Monday, June 30th, 2008


On 6/27/08, the Presbyterian Church USA made several moves to sanction the ordination of homosexual clergy at their General Assembly. Now the measures go the 173 presbyteries for vote. It is expected that the will pass. See Albert Mohler’s discussion of this historic and lamentable event.

When people ask Christians how we know Christianity is true, it is common for us to respond with something like, “Because I feel Jesus in my heart” or “Because I have experienced the risen Christ.” While I think faith is rational even apart from rational evidences/arguments, this sort of justification for Christian belief seems inadequate. It can always be asked how we know it was Jesus we encountered, as opposed to some other deity. Did Jesus appear to us? No. We merely had an experience that seemed undeniably supernatural in nature. So why think it was an experience with Jesus, then?

I would venture to say that we claim to have encountered Jesus because of the context in which our supernatural encounter occurred. We encountered the supernatural after having heard and believed the message of Jesus’ resurrection, and then interpret the encounter to be the result of such a belief, and confirmation that the belief is true. Hence, we say we felt Jesus in our heart, or experienced the risen Christ.

The problem is that a wide variety of religions, each with competing truth claims, profess to experience the divine. They also interpret their experience in light of the religious teaching they have been taught. They conclude that they have experienced God X, and that such an experience vindicates the truth of their religious tradition.

A religious pluralist might argue that no group experiences the deity they claim to have experienced (Jesus, Allah, Brahman, etc.). They might argue they had a genuine experience with the unknowable God, but mistakenly tried to identify Him with the God as described by their faith tradition. So when a Christian encounters God, he thinks he has encountered Jesus, and this is proof that Christianity is true. When a Muslim encounters God, he thinks he has encountered Allah, and this is proof that Islam is true. How do we respond to such an interpretation?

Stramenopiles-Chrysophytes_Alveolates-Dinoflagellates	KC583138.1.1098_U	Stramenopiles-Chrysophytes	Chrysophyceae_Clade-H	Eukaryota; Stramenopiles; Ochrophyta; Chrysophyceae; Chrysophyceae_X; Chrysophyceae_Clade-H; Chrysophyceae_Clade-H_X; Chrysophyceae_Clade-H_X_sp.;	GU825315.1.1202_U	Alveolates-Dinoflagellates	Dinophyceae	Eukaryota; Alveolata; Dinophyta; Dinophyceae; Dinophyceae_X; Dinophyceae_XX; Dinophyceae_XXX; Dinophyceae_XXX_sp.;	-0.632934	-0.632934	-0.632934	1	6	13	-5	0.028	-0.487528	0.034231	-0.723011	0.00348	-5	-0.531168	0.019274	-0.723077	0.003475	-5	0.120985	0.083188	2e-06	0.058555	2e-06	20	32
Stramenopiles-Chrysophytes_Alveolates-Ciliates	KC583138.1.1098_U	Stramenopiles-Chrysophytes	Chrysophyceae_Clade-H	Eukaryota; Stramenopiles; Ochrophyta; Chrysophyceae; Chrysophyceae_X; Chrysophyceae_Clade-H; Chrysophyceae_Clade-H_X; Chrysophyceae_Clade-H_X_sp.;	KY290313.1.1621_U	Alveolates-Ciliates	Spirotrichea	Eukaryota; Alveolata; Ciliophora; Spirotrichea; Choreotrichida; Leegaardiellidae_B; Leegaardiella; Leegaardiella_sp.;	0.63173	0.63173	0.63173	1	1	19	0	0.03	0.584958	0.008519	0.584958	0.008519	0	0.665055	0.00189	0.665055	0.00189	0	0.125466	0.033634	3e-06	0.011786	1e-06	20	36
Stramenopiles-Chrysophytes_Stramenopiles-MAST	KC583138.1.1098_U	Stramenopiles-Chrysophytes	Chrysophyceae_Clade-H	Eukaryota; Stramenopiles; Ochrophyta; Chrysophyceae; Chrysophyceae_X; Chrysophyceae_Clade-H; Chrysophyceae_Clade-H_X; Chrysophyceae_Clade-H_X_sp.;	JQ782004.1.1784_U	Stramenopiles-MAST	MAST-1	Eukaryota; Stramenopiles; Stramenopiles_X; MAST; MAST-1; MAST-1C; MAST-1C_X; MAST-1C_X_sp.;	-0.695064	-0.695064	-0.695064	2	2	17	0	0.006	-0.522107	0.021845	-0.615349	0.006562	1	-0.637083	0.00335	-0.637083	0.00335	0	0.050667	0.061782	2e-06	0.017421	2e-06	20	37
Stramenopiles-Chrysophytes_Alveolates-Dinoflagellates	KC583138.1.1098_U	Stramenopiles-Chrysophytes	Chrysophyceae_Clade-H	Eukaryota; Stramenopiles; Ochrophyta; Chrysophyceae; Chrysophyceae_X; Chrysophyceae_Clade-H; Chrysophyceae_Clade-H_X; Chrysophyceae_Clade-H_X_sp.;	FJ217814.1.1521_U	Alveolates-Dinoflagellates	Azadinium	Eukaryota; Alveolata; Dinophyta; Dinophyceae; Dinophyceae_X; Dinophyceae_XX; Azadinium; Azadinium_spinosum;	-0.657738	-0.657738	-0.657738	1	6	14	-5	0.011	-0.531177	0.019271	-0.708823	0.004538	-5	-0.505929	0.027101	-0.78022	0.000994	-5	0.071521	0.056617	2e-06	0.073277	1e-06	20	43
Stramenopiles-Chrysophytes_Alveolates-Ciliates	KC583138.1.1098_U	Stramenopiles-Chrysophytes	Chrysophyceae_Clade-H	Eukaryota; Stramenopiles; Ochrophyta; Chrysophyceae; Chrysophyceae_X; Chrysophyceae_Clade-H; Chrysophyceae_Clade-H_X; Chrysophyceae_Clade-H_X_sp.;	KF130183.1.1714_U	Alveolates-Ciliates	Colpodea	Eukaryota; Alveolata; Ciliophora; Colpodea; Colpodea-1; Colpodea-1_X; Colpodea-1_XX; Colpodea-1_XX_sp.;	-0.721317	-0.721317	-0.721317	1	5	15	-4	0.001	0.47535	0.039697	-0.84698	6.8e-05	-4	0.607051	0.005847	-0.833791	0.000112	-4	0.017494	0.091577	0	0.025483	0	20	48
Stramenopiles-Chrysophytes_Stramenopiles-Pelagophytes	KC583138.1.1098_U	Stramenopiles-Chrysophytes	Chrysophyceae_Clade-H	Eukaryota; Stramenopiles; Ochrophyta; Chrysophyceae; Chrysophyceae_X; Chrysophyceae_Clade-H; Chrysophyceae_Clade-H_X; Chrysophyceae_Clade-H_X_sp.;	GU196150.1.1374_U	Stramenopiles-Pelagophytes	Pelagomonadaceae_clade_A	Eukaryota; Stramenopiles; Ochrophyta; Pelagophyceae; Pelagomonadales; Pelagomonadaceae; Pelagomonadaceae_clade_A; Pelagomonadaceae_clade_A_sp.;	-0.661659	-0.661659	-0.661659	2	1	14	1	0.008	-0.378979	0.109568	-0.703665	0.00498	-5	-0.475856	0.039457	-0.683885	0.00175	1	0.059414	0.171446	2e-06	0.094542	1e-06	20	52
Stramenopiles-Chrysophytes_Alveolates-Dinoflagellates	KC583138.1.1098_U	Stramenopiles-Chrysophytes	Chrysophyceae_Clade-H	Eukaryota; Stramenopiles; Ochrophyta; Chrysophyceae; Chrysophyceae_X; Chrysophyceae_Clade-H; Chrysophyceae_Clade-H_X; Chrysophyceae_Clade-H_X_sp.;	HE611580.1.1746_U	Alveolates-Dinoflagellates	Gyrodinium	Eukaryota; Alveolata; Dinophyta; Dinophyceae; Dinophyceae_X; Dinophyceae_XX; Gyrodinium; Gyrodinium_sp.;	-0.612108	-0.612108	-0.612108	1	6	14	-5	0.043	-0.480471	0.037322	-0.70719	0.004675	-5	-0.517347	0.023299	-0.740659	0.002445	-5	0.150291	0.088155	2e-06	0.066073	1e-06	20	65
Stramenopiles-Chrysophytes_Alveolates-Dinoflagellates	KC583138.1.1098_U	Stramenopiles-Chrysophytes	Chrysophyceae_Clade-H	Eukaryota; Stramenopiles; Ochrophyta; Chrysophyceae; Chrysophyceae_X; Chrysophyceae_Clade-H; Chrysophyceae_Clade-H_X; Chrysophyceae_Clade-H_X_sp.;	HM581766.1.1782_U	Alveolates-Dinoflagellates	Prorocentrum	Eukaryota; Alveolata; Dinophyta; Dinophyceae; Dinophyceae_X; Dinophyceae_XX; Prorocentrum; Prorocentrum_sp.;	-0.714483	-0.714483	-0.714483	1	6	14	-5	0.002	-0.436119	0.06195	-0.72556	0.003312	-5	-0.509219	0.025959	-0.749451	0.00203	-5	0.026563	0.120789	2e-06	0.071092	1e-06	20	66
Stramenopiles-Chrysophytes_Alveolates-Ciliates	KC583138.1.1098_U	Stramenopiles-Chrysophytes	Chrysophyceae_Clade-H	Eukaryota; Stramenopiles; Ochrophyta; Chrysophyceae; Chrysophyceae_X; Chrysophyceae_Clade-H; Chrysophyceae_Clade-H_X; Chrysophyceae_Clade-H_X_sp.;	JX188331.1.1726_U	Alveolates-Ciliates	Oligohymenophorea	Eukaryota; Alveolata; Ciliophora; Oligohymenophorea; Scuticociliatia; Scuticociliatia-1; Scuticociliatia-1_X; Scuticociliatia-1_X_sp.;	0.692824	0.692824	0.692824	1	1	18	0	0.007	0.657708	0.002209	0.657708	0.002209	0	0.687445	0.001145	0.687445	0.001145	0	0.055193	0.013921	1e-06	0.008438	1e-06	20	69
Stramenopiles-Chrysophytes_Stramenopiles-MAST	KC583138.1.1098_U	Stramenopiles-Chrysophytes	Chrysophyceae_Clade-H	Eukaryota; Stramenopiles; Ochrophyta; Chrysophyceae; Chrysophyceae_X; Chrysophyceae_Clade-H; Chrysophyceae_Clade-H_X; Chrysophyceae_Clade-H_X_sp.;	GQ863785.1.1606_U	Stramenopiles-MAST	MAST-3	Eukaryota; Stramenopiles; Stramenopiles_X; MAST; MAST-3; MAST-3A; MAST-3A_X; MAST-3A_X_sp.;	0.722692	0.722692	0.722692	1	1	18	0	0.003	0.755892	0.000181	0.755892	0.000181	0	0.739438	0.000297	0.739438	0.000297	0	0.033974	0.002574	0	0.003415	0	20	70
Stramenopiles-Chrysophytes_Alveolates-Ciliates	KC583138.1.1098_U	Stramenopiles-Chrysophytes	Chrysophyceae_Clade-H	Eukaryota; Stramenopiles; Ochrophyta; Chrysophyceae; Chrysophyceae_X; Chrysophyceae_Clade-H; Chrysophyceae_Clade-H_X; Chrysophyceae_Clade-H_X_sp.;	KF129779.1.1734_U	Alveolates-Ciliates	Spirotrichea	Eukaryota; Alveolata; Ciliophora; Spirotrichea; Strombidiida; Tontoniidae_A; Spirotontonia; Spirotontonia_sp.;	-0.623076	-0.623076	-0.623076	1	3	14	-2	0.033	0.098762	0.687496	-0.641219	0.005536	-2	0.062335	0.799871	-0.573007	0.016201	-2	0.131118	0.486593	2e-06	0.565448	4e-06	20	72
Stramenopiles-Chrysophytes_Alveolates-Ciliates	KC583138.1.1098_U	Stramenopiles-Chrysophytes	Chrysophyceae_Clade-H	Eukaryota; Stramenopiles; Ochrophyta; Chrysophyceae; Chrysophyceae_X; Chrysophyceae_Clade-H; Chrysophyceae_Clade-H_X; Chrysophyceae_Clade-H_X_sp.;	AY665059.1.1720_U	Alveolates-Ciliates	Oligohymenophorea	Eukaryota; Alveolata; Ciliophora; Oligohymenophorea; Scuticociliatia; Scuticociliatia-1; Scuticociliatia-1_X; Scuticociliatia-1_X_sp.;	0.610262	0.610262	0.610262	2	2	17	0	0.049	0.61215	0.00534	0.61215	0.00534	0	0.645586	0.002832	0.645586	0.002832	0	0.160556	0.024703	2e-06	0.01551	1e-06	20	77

On one level, I agree with the religious pluralist. His explanation makes sense of the variegated inter-religious claims to have encountered with God. People actually do encounter God as he reaches out for them, but they misidentify Him because they interpret their experience of Him in light of their false religious tradition. Where I think the pluralist is mistaken is that he applies his interpretation to all religious traditions, not holding out the possibility that one faith tradition may have properly identified the God whom they have encountered.

If it is possible that one religious tradition properly identifies the God people experience, how would we know which religious tradition it was? What has been said already should highlight the problem of using religious experience as a proof for one religious tradition over another. Something more than an experience is needed to adjudicate competing religious traditions, otherwise we are left arguing in a circle. So how can we know that our interpretation of the divine is the correct one, as opposed to theirs? I would argue that we must test the various faith traditions using our rational faculties. Are they philosophically viable? Are they internally consistent? Are they confirmed/contradicted by scientific or historical data? And the list goes on. When various faith traditions are subjected to such tests, I think Christianity comes out on top as being the most viable, and that is good reason to believe the God we encountered in our experience is indeed the risen Christ.